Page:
Josh Gondelman is a comedian, writer, and co-creator of Modern Seinfeld on Twitter.
ZAK: Josh Gondelman is one of the funniest people on the internet and in real life. He's a stand-up. He writes on the TV show, Desus and Mero and his coolest credit, in my opinion, is that he co-created the now inactive but deeply beloved Modern Seinfeld twitter feed, which launched the characters into contemporary, internet era situations, like this one..."Jerry meets a woman on JDate but when he begins to suspect she's faking her Judaism, Kramer volunteers to investigate." Ok, why am I telling you all this? I guess it's because, if Seinfeld resonates with you, I think today's advice will too.
JOSH: So, my advice is for over-thinkers and it's to just ask yourself, like, 'What would a person do under these circumstances?" Like, if you're up against a dilemma where you're like, oh...do I do this or that, not one where you're weighing huge, qualitative differences or like, big choices you're weighing against each other, but if you're like, 'Do I do this? Is this a violation of etiquette and norms' or whatever then it's always like, 'What would a person a do?
ZAK: Can you think of a recent example?
JOSH: I recently got to work with somebody on a recording that I'm a big fan of and I was like, I had such a good time, should I email and say 'I'm a big fan. This was cool. I appreciate it.' And then I was like, 'Is that like a dork thing to do? Then I was like, no, I'm gonna do that because, like, a person would do that and a person on the other side as long as I'm like pleasant and respectful and don't ask anything of this other person, like, they would probably be happy to hear it...ranging from neutral to happy to hear it.
ZAK: It seems like in a lot of these examples, you weight the decision and then you go ahead with it because you're thinking like, yes this is a normal thing to do. Are you ever in the position where the normal thing to do is, oh I better not do that?
JOSH: Oh, that's a great question. I think it depends on what your inclination is. I think if you're a person who tends to overthink things, it's like a nice little nudge to be like, this is not an unreasonable thing you're considering doing. But, if you're the kind of person who maybe is sometimes extra assertive...if you're like, you know what I'm just gonna call this person up and tell them to give me a job...you go ok, like, how would they react to that? Do they want to hear that from me? Is that something that you feel like your relationship has space for?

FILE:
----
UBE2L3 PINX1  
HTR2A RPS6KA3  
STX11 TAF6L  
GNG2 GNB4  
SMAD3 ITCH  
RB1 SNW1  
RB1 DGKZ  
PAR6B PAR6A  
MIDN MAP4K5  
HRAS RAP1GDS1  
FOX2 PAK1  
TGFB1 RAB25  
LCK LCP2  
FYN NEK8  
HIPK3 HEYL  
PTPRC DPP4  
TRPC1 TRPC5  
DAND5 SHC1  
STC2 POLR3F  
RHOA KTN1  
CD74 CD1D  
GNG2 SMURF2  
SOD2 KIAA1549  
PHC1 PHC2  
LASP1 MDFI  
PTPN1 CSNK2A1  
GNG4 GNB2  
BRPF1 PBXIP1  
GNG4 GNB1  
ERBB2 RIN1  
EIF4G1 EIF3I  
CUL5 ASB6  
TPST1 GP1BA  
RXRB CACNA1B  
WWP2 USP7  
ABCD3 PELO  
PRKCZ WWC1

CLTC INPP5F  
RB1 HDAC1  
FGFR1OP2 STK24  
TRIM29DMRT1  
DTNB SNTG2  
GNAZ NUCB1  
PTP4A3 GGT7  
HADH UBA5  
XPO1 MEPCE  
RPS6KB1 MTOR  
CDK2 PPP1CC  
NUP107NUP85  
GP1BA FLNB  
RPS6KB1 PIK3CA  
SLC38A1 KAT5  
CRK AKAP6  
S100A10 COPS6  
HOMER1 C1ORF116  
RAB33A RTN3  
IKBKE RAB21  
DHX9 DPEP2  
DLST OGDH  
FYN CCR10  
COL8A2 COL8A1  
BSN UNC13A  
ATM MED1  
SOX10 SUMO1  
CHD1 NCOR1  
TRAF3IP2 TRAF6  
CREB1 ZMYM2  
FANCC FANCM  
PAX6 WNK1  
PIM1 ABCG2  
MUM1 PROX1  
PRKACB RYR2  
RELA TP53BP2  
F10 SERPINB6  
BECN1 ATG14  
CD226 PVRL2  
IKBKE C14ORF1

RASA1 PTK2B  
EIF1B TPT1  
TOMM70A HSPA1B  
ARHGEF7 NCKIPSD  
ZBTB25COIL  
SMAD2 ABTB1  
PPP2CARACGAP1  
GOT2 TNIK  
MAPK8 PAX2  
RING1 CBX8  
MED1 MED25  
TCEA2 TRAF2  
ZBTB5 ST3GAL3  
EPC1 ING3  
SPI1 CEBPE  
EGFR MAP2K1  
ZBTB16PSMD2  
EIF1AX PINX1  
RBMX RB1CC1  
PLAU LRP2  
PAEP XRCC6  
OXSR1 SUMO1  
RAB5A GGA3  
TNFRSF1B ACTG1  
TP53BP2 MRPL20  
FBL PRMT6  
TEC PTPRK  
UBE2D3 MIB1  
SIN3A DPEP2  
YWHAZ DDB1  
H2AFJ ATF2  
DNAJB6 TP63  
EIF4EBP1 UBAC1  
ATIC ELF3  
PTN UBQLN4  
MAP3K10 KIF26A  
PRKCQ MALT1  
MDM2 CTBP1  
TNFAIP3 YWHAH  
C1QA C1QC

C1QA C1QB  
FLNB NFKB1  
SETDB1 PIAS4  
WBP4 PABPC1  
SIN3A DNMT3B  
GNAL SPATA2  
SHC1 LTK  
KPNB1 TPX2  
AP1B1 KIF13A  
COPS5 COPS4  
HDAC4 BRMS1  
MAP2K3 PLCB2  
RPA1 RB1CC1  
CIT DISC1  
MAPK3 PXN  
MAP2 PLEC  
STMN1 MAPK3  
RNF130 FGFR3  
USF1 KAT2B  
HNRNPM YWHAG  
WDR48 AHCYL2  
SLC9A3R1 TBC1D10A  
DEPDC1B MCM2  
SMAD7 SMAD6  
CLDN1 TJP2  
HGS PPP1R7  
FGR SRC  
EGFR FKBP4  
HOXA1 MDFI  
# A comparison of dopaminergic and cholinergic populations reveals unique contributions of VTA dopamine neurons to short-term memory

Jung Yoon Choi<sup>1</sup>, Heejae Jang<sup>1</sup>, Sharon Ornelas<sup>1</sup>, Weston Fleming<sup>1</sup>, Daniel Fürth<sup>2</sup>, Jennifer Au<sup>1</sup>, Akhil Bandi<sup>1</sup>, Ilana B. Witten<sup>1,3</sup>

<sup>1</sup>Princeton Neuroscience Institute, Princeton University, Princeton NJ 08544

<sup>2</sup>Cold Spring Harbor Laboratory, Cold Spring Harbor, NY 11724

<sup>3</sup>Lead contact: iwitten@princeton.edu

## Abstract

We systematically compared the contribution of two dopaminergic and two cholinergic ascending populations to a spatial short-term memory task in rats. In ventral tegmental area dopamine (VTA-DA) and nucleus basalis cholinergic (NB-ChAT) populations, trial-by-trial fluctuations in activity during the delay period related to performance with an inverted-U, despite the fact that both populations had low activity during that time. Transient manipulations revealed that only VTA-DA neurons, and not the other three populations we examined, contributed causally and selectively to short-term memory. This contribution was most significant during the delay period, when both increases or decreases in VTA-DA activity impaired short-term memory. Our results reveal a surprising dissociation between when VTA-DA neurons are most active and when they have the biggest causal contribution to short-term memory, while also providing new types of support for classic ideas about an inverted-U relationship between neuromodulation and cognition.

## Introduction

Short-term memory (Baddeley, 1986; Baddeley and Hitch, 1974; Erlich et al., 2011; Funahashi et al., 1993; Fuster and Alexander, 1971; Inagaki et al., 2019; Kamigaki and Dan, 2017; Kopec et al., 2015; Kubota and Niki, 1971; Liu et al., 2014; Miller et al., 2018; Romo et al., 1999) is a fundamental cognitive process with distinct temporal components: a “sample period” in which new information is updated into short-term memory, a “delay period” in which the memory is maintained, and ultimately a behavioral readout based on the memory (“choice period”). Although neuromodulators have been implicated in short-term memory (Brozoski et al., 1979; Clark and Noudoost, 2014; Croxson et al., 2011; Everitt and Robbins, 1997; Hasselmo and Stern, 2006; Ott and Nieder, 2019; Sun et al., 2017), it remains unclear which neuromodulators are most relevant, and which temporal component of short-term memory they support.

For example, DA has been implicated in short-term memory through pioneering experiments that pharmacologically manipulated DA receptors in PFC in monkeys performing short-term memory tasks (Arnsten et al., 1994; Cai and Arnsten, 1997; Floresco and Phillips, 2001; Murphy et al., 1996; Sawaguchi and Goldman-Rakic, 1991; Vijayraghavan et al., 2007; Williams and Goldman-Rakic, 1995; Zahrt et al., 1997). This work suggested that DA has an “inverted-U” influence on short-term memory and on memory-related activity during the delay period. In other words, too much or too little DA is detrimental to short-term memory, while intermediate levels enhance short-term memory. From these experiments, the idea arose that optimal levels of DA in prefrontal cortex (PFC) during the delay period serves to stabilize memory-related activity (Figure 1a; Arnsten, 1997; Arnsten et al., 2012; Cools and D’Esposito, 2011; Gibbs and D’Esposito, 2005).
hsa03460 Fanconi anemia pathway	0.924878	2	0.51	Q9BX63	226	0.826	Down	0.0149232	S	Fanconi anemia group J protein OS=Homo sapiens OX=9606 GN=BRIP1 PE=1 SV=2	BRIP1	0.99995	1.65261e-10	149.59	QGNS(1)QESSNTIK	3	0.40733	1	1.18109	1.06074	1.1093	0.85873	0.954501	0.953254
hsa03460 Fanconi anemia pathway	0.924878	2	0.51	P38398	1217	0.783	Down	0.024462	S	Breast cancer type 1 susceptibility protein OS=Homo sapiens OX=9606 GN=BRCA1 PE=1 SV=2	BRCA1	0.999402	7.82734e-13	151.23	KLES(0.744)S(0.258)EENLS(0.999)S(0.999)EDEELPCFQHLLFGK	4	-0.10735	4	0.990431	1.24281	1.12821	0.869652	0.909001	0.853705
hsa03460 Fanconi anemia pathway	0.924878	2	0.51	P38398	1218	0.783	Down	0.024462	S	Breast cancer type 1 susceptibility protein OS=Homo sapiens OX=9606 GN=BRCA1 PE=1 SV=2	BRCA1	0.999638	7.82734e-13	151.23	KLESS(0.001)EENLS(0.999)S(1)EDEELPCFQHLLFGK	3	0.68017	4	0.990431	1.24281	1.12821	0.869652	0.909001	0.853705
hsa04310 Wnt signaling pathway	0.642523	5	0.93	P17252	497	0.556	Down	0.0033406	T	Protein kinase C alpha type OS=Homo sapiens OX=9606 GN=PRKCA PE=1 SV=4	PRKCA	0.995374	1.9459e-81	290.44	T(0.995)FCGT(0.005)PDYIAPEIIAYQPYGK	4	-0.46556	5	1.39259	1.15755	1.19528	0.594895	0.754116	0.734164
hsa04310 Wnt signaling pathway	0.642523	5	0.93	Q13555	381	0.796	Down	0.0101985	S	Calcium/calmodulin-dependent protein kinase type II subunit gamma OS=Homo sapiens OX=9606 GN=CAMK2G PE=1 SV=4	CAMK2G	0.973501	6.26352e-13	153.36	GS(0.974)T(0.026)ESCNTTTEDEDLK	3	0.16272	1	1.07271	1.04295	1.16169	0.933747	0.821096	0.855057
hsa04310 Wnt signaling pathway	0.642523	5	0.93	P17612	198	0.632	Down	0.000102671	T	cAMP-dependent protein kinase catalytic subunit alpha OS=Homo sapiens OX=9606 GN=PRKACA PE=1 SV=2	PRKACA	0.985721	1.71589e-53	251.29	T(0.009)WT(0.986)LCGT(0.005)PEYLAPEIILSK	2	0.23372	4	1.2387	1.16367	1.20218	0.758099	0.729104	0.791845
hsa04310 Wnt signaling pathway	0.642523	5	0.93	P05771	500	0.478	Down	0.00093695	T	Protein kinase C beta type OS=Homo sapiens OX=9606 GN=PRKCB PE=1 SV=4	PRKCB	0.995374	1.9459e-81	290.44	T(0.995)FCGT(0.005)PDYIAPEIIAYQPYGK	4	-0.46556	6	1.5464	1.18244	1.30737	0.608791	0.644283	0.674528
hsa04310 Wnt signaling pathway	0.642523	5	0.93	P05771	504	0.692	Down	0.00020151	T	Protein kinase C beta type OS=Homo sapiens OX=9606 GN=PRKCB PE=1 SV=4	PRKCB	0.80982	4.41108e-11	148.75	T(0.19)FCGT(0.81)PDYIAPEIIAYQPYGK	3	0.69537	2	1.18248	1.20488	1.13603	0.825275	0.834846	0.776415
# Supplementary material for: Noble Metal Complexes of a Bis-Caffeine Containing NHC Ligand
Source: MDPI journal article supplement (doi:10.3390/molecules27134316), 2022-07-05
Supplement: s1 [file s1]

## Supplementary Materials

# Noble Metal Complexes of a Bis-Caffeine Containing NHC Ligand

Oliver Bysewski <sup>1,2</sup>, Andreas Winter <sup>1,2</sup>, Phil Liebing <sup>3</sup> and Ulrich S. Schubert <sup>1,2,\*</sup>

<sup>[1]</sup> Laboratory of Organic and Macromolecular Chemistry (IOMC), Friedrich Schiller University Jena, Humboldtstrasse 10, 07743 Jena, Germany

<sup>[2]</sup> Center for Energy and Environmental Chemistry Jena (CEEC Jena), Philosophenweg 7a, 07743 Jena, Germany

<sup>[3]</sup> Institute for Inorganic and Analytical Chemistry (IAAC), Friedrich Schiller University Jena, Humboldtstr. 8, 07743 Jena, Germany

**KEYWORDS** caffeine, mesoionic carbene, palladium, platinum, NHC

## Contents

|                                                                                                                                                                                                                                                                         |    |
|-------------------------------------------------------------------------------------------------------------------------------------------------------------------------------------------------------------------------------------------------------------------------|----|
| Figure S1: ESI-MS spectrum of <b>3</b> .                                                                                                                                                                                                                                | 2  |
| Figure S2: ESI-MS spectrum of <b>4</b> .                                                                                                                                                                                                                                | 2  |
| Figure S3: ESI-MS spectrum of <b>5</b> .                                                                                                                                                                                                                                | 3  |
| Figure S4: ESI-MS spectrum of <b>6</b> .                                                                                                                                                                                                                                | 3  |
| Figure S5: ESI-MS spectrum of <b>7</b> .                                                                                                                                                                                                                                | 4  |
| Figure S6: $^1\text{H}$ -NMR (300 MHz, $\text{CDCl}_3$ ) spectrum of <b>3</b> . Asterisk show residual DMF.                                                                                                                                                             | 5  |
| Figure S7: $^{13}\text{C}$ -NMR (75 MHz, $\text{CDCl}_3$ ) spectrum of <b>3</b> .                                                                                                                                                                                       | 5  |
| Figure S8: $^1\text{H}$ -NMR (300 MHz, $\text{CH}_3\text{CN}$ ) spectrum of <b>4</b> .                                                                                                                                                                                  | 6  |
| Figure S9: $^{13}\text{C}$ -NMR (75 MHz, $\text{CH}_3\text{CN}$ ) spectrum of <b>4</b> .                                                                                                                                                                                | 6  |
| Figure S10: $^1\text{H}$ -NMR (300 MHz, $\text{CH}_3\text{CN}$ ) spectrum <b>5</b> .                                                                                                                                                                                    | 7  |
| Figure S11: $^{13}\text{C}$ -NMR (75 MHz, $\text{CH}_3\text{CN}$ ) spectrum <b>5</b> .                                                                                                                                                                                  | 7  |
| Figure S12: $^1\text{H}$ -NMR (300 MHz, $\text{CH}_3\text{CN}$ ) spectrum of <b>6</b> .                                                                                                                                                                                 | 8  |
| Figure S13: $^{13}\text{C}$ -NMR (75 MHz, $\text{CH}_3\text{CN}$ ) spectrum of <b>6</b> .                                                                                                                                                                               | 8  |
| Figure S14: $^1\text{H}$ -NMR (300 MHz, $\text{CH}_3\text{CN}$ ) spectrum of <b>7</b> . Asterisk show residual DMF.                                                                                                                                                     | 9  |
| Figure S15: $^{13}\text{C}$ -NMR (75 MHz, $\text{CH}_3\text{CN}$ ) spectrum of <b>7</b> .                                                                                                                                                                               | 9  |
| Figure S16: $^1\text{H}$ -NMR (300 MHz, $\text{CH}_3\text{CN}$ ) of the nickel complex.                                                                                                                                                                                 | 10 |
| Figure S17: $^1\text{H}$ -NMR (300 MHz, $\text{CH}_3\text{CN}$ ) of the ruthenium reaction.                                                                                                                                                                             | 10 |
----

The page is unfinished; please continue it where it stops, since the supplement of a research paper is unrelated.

ZAK: Right. So how often do you find yourself asking this question, what would a person do?
JOSH: I think I ask myself a lot. But it's diminished over time because I think it's now hardwired a little bit with me which is nice. Like it feels like I've rewired the way that I maneuver.
ZAK: Isn't that such an amazing thing?
JOSH: Totally. I think it's awesome. It's like one of the coolest things about being a human is that you can, like, see results and I think there are probably people, I imagine, who live with depression and other kinds of mental illness might have a harder time feeling clear about, like, what they deserve or what they're capable of asking for and so I don't want to be like, this is easy for everyone to do. But if it's something that you can apply, that you feel able to apply, comfortable to apply...and also, I think this is...my friend Sarah Haji, I believe it was Sarah Haji that coined the slogan that became a pretty popular meme for awhile of, "Grant me the confidence of a mediocre white man." So I understand the gender and sexuality and racial privilege at play too which is why I'm not like, "Be demanding! Throw your weight around!" But I do think that being polite and courteous and asking for the thing you want once, like, you so rarely get what you want if you don't ask and people are so rarely mad if you ask for something politely once and if they are, they are being unreasonable not you.